17. XVII.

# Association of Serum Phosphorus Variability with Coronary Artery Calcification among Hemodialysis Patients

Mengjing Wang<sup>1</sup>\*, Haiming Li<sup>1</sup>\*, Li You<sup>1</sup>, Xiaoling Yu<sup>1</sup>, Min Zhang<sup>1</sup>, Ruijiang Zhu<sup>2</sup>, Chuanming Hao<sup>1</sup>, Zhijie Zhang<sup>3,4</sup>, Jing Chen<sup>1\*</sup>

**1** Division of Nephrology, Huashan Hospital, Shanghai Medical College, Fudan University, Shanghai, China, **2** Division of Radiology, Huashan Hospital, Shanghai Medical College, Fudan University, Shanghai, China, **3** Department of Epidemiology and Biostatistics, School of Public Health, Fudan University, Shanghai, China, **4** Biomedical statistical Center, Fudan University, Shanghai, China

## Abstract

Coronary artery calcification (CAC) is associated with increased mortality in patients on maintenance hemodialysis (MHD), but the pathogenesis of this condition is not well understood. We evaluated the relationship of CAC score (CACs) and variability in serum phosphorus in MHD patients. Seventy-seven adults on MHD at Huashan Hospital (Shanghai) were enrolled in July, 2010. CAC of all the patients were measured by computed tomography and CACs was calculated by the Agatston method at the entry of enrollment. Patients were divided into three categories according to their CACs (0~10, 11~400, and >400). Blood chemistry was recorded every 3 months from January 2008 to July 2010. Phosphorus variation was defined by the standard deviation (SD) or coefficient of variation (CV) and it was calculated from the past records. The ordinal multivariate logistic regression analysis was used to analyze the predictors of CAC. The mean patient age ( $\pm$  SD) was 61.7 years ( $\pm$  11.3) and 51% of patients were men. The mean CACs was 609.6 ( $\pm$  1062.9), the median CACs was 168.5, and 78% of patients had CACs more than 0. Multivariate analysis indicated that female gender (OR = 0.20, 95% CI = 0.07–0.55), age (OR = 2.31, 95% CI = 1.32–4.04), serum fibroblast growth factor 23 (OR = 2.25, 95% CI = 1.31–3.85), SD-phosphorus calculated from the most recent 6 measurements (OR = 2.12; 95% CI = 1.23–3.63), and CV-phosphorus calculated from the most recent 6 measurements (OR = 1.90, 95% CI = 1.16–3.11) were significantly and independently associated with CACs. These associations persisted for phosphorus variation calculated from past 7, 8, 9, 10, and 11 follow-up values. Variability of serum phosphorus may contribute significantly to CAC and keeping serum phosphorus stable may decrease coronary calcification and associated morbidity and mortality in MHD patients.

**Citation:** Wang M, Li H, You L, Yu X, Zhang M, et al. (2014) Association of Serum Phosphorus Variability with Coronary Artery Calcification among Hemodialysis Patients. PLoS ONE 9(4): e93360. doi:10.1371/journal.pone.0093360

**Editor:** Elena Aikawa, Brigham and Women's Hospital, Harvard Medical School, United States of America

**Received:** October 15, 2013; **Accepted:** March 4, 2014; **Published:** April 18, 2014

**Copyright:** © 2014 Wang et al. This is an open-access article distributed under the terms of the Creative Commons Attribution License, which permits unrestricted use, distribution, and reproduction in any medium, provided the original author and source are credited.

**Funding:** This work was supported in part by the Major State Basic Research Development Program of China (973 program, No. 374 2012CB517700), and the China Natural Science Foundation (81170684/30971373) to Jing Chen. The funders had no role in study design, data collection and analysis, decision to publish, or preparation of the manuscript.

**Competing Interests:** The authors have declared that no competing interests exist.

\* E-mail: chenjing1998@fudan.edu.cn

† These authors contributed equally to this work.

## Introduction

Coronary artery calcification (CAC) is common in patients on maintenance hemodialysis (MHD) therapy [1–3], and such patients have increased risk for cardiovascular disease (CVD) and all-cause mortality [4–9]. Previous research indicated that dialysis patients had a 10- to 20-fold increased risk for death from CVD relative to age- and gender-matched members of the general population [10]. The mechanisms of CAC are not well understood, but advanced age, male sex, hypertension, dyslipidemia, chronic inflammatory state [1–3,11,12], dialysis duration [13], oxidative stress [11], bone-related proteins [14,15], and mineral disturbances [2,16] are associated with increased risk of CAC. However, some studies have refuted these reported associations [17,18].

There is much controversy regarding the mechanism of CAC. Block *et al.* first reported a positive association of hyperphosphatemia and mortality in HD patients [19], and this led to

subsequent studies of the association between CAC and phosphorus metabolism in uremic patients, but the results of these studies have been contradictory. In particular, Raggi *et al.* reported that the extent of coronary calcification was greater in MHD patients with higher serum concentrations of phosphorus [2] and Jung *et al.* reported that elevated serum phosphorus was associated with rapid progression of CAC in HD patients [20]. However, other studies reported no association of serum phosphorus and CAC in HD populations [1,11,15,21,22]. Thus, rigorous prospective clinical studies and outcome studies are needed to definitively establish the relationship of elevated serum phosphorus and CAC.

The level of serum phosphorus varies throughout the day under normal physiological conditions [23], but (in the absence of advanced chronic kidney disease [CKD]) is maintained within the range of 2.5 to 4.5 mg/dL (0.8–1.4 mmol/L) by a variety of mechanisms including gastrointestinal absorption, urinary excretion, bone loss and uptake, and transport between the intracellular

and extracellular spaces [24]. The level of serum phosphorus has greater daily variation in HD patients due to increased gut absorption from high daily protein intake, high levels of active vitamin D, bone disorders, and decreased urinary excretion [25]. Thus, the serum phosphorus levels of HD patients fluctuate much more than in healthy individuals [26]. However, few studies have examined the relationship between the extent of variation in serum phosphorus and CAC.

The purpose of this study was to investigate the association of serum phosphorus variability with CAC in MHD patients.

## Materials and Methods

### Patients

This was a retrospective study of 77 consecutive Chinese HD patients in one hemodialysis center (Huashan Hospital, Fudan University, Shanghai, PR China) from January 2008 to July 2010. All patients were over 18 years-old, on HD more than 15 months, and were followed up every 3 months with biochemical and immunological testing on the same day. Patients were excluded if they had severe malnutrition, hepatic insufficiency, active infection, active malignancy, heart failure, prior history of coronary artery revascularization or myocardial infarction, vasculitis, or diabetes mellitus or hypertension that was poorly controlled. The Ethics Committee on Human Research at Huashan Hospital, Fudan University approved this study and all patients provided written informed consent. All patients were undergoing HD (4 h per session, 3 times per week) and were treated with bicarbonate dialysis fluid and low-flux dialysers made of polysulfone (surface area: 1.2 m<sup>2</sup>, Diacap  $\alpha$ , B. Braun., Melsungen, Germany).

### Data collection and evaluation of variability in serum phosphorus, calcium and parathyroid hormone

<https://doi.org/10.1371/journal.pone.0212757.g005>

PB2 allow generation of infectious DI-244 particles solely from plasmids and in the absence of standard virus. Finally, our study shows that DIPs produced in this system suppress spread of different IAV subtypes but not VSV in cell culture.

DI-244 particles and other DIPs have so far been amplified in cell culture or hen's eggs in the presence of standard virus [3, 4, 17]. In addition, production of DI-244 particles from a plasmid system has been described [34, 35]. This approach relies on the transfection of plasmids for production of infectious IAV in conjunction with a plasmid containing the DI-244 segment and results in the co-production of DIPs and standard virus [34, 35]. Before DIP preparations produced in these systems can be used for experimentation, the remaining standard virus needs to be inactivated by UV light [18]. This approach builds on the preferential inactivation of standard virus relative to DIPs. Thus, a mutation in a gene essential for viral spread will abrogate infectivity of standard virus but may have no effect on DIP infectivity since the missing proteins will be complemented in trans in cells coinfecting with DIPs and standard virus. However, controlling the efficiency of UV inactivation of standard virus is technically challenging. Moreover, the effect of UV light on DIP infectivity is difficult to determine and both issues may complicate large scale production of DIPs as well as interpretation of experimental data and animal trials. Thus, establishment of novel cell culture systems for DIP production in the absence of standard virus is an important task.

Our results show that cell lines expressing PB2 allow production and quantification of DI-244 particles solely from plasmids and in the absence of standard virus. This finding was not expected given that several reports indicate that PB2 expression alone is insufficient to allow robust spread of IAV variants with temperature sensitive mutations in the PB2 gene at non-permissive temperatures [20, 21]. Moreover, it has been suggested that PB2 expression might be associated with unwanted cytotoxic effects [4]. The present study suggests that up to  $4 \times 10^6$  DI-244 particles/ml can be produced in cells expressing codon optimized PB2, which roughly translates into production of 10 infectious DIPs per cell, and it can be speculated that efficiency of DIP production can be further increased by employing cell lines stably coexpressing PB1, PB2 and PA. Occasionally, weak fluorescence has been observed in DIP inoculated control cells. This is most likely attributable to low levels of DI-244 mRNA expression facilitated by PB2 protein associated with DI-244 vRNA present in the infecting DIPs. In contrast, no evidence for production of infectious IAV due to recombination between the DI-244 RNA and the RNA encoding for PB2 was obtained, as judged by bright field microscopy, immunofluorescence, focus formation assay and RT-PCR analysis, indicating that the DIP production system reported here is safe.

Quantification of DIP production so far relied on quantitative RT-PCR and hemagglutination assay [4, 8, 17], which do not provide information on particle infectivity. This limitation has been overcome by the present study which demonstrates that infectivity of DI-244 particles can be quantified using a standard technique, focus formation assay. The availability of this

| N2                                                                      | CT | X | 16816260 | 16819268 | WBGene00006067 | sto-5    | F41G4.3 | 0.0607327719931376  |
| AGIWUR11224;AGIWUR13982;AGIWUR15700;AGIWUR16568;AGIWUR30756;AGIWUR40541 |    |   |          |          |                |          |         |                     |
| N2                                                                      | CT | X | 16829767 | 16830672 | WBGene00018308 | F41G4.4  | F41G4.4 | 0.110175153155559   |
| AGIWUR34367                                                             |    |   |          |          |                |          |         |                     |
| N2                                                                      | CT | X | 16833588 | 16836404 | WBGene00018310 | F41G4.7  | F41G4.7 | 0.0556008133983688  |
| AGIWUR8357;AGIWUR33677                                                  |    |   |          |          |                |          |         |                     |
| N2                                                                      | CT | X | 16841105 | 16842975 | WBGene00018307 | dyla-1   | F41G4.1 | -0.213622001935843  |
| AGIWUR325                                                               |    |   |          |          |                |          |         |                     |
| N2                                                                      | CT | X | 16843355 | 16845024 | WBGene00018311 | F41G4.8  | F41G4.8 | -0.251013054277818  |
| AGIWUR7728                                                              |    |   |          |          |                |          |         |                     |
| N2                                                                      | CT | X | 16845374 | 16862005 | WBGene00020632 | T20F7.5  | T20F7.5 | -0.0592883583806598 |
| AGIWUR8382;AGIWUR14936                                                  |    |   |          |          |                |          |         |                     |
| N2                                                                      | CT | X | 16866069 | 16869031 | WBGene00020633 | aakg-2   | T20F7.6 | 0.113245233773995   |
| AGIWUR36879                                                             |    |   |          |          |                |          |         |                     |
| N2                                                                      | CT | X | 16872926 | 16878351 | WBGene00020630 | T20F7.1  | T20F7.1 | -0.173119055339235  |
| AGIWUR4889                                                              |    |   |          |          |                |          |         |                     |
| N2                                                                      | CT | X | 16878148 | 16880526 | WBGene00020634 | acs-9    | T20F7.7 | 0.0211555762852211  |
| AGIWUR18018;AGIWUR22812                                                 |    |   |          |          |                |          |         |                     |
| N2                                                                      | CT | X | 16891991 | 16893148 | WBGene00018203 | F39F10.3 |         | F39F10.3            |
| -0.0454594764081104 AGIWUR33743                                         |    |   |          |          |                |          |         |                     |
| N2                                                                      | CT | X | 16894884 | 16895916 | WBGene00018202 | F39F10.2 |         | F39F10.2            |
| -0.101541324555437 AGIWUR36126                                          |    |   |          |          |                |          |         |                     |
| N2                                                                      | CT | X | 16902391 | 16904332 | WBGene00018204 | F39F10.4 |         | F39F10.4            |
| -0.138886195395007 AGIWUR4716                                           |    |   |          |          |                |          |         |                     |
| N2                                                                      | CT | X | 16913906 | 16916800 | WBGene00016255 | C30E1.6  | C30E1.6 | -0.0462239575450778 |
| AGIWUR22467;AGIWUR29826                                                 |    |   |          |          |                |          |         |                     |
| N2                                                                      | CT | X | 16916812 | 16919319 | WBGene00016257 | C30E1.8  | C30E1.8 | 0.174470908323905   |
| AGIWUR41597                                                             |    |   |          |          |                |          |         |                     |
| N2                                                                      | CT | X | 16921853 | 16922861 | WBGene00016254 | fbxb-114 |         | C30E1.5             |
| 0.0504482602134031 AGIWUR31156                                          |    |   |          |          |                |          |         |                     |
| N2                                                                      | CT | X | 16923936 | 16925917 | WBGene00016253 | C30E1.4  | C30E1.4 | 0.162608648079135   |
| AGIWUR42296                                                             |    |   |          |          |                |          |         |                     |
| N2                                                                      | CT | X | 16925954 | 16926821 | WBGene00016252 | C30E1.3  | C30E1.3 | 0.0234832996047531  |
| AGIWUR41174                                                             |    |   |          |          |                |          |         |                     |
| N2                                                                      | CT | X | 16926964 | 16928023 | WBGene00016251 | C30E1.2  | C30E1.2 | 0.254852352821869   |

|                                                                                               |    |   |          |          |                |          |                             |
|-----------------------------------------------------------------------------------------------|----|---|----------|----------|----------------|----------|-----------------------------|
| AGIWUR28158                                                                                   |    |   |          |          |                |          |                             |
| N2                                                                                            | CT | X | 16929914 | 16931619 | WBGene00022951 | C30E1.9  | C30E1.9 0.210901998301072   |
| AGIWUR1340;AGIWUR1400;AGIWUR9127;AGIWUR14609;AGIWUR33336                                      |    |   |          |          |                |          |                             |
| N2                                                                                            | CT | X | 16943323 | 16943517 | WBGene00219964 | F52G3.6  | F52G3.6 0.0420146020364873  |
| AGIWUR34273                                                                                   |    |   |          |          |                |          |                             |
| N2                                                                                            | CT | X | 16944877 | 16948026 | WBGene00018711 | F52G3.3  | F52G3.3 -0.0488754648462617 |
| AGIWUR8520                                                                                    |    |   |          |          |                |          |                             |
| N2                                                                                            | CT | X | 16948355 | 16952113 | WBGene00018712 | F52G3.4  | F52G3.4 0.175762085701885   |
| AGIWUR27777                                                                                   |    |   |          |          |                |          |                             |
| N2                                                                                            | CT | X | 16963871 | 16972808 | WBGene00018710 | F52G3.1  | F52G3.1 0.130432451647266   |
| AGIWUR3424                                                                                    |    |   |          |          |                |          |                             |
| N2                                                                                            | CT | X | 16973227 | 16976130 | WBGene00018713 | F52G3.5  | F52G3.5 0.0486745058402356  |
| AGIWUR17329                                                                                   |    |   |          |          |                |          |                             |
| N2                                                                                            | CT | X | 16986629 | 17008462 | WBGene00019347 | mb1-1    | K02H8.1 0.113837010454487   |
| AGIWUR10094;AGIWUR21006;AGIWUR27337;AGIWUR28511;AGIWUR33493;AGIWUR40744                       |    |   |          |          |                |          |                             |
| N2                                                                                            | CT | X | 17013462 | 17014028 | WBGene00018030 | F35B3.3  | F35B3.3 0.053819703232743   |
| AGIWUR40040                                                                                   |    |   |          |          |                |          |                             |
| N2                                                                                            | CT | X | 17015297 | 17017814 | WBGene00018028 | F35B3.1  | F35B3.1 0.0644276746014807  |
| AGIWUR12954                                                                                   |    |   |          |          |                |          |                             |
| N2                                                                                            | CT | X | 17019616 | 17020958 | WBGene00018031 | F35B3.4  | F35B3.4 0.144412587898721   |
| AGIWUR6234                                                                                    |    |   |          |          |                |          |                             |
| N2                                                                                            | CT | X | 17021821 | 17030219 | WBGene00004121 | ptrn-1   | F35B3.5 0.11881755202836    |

At the time when Solinus wrote, Ireland, which was then very little known, had the reputation of being free from snakes—‘Illic nullus anguis, avis rara, gens inhospita et bellicosa.’ ((Polyhistor, c. xxii.)) How such a reputation arose, it is not easy to say: perhaps it might be founded in the superstitious sanctity with which the ancients always clothed the extreme boundaries of the west. In the time of Bede, the older simple story was already clothed in legendary array, and that historian asserts that it was not only free from such animals, but that no snake could live there, and that when any such reptiles had been carried over, they died invariably on approaching the shore. He asserts moreover that anything brought from Ireland is a sovereign remedy against the bite of all venomous animals, and tells us how in England they used for that purpose water, in which had been steeped the scrapings of the leaves of books, which had been brought over from the sister isle. After Bede's time, this fable became one of the most popular that prevailed during the middle ages. Giraldus tells us that not only snakes, but toads, and all other venomous reptiles were unable to live in Ireland, that more than once such animals had been carried over in boxes and had died immediately after passing the middle of the channel, that wood or leather, or any other Irish commodity steeped in water afforded a remedy not only against the bite of venomous animals, but against poison, and that a little Irish earth sprinkled even on English  p.113 ground immediately drove away all such creatures from the neighbourhood. Giraldus gives it as the general belief of his contemporaries that Ireland was originally purged of venomous animals by the hand of St. Patrick, though he does not disguise his own scepticism on this point. However, we find this rehearsed amongst the miracles of the saint, by his biographer Jocelin. From his book (ch. clxix. clxx.) we learn that, before the time of St. Patrick, Ireland suffered under three insupportable plagues, which rendered the green island quite uninhabitable. First, it was overrun with every species of venomous reptiles; secondly, it was haunted by innumerable sorts of devils and hobgoblins; and, thirdly, the space which was not occupied by those two classes, was peopled by wizards and witches. Against the first of these plagues, St. Patrick proceeded somewhat after the manner of the fox, who drives the fleas which haunt him to the end of his tail, and then shakes them all off into the pool. So the saint gathered together all the venomous animals from every corner of the island to the top of a lofty promontory, looking down into the sea, which had previously been named Cruachan-ailge, but was afterwards called Cruach-phadruig; and from thence, at one blow, he swept them all into the deep. The hobgoblins he drove away by the sign of the cross, the wizards and witches he converted, and Ireland was every where after inhabited by christian people.